In go­ing for in­clu­sive growth, can pol­i­cy­mak­ers in­vest in short-term and longterm se­cu­rity pro­grammes so that the tourism in­dus­try can in­vest in a model and ex­pe­ri­ence that drive more spend­ing within the econ­omy – a Ja­maica-in­clu­sive model? With all-in­clu­sives com­pris­ing 80 per cent of the room stock, and ap­prox­i­mately 80 per cent of those be­ing owned by for­eign­ers who repa­tri­ate funds to ex­ter­nal coun­tries, it is lit­tle won­der that all that FDI has not driven GDP growth. Pri­or­ity in­vest­ment in se­cu­rity would ben­e­fit all Ja­maicans as well.

In go­ing for sus­tain­able growth with de­cent work, can the Ja­maican pol­i­cy­mak­ers and the play­ers in the tourism in­dus­try agree on the coun­try’s car­ry­ing ca­pac­ity so that in­vest­ment pro­mot­ers know the max­i­mum num­ber of rooms the is­land can man­age? And for ev­ery in­vest­ment that comes in, ne­go­ti­ate not just for sus­tain­able waste man­age­ment for the ho­tel, but also for the com­mu­ni­ties that have to be estab­lished to house the work­ers that serve the guests of the ho­tels.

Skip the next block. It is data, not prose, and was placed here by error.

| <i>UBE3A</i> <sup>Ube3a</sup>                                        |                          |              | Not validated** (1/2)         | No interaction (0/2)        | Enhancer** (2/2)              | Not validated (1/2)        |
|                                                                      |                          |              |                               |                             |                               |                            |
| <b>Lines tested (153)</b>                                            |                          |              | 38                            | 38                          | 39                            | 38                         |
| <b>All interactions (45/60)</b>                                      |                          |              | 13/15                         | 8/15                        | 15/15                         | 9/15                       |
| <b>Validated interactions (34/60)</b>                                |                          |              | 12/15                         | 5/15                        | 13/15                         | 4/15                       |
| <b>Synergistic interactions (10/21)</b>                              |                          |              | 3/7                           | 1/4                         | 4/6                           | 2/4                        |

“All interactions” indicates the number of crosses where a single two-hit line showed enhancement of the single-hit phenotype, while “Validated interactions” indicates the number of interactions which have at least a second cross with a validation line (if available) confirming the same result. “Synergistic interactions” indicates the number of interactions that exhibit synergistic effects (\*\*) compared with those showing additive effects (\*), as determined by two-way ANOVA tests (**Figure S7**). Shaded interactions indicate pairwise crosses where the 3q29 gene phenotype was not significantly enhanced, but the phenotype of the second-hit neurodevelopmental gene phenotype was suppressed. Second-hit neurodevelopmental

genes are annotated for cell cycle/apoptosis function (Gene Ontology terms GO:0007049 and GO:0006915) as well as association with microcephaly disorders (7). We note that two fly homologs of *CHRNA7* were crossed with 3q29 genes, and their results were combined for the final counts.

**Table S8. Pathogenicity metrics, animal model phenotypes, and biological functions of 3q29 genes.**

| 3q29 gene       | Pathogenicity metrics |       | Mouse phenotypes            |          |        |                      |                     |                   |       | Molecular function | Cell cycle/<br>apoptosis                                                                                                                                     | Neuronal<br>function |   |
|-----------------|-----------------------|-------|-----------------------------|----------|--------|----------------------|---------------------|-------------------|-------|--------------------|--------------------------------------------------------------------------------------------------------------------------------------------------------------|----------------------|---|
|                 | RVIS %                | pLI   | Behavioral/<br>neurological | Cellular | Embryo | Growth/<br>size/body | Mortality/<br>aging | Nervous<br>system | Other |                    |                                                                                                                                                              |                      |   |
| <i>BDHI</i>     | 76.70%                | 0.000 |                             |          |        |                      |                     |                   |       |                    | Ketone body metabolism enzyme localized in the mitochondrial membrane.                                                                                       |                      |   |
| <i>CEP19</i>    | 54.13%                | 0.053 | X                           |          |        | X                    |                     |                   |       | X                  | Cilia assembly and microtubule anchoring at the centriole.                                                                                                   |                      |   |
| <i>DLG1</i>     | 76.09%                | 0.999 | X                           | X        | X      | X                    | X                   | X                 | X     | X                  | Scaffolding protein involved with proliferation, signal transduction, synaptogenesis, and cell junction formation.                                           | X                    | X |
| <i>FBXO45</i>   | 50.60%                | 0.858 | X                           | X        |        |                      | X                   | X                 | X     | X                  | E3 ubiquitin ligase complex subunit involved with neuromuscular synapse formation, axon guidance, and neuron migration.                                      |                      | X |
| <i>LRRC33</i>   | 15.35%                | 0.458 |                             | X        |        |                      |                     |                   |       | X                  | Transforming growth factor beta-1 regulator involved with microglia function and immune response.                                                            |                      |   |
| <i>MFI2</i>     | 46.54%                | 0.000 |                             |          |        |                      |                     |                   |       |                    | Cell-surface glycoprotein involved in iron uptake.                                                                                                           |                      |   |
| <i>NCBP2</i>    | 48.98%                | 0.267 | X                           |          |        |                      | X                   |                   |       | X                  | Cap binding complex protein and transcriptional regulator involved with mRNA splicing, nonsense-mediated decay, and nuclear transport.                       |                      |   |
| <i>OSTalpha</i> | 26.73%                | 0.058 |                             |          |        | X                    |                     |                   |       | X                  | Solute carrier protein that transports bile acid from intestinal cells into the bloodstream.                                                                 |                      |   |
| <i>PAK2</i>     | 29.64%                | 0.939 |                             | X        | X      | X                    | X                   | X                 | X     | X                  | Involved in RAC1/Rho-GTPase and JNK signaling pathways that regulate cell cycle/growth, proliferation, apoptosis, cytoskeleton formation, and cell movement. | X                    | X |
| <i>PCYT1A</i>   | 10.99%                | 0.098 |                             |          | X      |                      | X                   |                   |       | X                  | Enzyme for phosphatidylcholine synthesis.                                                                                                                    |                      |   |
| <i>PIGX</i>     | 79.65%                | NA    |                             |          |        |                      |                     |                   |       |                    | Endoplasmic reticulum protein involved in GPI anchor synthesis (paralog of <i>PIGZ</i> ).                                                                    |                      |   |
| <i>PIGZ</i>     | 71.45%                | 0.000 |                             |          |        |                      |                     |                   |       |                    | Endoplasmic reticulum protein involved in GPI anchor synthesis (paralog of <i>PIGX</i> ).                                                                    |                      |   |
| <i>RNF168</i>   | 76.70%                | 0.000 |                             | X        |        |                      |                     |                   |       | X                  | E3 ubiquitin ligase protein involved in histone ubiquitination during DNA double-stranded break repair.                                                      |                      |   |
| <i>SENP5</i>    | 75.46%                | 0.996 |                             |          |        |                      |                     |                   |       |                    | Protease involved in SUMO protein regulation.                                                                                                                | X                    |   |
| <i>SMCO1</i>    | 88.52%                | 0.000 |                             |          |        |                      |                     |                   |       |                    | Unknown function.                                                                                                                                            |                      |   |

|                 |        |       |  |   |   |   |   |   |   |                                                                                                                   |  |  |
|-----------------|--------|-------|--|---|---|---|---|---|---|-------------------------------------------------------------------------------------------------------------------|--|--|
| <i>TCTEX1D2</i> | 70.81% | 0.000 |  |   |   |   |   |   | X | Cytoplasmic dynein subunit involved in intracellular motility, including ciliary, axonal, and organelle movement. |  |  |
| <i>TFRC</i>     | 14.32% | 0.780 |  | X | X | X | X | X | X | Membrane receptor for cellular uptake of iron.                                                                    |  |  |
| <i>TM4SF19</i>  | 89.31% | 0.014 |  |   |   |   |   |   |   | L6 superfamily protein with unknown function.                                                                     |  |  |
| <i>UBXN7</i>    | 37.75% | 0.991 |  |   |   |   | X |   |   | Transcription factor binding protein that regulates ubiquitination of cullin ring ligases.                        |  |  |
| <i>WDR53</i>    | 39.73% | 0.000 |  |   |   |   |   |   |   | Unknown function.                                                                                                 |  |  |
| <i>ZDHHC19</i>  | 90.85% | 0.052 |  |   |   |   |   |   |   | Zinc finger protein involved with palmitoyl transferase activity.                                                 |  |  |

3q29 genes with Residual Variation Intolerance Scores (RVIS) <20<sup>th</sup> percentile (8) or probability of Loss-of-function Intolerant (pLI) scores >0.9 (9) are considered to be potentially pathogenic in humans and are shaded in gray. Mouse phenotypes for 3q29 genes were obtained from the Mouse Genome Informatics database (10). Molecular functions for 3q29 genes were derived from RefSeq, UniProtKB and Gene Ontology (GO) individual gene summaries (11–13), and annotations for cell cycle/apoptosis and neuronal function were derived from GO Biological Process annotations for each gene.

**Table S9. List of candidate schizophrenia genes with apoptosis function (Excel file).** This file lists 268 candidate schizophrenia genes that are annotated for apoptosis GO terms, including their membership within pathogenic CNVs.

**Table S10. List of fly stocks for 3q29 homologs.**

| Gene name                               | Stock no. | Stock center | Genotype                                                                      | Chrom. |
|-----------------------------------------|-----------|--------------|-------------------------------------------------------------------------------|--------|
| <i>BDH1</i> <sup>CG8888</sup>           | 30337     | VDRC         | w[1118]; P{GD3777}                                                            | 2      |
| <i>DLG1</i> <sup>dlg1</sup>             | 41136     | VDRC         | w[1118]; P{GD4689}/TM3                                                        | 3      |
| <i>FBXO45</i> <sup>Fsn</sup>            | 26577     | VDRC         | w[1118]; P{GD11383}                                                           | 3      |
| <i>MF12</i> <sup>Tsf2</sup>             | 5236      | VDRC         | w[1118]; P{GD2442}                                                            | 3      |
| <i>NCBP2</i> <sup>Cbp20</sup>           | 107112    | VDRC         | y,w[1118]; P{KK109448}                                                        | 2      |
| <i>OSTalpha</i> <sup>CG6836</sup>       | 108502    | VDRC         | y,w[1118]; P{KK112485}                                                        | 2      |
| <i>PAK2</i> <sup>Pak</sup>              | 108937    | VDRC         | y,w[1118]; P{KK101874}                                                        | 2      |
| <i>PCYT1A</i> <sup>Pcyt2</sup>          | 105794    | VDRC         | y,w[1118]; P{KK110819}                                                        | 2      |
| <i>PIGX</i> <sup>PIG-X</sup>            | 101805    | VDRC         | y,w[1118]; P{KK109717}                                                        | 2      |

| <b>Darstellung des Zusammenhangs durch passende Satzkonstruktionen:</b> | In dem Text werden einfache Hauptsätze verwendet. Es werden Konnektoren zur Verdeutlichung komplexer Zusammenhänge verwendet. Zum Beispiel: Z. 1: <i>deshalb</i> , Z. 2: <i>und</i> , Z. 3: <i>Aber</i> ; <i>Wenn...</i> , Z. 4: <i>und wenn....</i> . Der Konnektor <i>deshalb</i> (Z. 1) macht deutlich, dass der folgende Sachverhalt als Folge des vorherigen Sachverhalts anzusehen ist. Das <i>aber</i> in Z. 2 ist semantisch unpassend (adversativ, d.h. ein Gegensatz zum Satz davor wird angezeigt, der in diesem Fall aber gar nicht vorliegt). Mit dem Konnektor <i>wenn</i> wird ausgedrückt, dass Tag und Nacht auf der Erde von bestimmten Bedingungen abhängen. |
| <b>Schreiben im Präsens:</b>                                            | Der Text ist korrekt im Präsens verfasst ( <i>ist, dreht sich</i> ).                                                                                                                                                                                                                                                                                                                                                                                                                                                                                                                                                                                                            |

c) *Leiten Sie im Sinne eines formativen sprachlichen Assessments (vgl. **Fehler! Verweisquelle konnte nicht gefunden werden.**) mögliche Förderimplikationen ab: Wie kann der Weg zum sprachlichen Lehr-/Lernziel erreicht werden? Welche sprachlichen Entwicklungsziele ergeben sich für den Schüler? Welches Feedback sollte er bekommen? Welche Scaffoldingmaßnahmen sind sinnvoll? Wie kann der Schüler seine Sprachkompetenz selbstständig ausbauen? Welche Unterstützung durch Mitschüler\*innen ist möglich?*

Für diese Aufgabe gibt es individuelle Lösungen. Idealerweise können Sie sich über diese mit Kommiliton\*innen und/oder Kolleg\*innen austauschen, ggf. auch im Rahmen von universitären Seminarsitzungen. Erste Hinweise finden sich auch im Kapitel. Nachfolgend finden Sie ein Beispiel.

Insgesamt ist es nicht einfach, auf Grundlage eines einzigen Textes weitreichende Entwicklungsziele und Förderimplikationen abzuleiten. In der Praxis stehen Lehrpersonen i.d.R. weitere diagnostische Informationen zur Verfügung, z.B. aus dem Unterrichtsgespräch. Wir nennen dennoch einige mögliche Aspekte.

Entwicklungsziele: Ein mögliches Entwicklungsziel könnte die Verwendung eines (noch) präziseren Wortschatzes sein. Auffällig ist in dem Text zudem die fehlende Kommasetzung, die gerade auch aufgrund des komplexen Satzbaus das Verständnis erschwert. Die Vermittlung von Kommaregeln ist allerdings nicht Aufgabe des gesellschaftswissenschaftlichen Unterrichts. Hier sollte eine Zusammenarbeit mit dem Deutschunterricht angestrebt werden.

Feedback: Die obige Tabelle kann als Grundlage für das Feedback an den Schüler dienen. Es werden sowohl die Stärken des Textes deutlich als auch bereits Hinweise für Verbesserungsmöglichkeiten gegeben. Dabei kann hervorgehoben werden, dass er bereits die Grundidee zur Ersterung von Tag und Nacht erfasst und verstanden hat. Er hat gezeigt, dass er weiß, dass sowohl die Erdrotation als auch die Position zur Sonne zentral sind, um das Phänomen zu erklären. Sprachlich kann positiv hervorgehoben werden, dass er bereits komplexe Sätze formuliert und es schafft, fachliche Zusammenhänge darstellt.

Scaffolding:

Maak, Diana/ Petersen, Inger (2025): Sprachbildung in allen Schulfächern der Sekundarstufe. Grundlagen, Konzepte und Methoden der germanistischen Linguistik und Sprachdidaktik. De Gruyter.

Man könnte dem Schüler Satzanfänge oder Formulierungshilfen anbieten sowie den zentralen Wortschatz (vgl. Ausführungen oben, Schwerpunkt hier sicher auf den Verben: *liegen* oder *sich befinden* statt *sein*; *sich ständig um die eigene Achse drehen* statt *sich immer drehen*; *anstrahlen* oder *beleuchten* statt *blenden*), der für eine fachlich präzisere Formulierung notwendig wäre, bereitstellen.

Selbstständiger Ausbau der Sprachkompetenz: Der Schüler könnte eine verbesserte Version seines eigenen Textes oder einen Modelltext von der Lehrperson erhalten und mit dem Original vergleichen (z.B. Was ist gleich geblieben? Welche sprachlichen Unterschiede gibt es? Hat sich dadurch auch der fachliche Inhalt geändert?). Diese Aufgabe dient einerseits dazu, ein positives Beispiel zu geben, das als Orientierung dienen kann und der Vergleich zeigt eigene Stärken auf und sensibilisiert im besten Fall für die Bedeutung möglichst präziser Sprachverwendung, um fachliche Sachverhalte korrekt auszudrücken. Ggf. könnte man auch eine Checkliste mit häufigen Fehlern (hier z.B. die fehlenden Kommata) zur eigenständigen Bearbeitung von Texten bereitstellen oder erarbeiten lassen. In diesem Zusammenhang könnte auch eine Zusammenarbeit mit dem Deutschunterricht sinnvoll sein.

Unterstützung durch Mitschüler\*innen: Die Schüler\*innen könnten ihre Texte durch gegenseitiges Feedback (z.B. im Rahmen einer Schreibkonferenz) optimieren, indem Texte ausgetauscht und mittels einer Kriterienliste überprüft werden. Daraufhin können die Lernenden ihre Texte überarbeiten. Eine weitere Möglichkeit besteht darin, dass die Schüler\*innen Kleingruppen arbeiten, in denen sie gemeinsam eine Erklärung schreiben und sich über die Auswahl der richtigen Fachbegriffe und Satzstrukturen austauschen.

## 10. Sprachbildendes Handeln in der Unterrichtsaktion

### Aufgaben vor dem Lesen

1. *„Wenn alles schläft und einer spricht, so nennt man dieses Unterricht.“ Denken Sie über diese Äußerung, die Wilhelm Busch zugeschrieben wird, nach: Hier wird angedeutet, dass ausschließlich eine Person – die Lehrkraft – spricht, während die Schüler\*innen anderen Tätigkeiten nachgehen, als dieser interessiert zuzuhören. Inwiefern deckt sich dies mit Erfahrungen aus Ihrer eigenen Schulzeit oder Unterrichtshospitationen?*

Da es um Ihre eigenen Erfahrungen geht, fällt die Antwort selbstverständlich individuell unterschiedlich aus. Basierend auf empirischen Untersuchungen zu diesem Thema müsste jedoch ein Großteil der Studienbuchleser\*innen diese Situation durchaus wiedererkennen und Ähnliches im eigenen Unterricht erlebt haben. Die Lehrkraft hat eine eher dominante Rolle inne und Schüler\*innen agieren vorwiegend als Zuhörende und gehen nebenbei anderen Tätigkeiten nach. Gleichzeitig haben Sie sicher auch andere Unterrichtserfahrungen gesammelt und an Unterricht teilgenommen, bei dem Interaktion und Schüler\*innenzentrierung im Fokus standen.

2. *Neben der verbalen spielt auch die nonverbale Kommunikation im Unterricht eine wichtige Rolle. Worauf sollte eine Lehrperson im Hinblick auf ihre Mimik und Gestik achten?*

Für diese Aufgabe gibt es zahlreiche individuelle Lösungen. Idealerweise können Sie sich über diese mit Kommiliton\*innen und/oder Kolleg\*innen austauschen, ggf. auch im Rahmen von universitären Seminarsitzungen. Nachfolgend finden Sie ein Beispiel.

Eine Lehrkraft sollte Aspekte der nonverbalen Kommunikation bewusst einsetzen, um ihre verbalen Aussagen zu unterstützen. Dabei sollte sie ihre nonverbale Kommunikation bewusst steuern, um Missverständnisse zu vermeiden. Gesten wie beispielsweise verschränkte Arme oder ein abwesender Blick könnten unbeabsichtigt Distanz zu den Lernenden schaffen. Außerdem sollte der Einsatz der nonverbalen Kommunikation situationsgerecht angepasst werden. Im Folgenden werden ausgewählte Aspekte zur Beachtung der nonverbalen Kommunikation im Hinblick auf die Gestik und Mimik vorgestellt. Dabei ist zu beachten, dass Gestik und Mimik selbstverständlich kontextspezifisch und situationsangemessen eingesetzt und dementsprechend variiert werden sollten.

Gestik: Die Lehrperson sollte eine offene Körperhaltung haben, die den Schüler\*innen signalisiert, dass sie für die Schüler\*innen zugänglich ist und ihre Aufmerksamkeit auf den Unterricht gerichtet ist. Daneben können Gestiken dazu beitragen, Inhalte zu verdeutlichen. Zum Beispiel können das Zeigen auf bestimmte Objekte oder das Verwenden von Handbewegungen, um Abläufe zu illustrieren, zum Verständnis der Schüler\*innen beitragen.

Ne­go­ti­ate, too, for ho­tel work­ers to re­ceive so­cial pro­tec­tion such as pen­sions. They work long hours and are ex­pected to do so with a genuine smile. Peo­ple won­der why pil­fer­ing hap­pens in ho­tels. Di­vide the wages by num­ber of hours worked and be­gin to un­der­stand that some feel to­day that it is akin to mod­ern-day slav­ery in some es­tab­lish­ments.

Ja­maica’s ap­proach to tourism is not the way to ‘de­cent work’ and sus­tain­able in­clu­sive growth.

In­clu­sive growth and de­cent work also means en­sur­ing all laws and reg­u­la­tions needed to make the In­ter­na­tional Labour Or­ga­ni­za­tion’s (ILO) Con­ven­tion 189 (C189) a liv­ing re­al­ity for all do­mes­tic work­ers are de­bated, passed, and im­ple­mented by Septem­ber 2017.

Ob­serv­ing Ja­maica’s rat­i­fi­ca­tion of C189 at the United Na­tions Gen­eral As­sem­bly on Septem­ber 22, 2016, was an hon­our. It was es­pe­cially grat­i­fy­ing to see Shirley Pryce speak on be­half of the Ja­maica House­hold Work­ers Union (JHWU) af­ter the per­sis­tent lob­by­ing and ad­vo­cacy over the last five years. Ac­tively sup­port­ing those lob­by­ing ef­forts yielded much learn­ing on what it takes to cre­ate mean­ing­ful change so peo­ple can have dig­nity, safety, and stan­dards in all work sit­u­a­tions.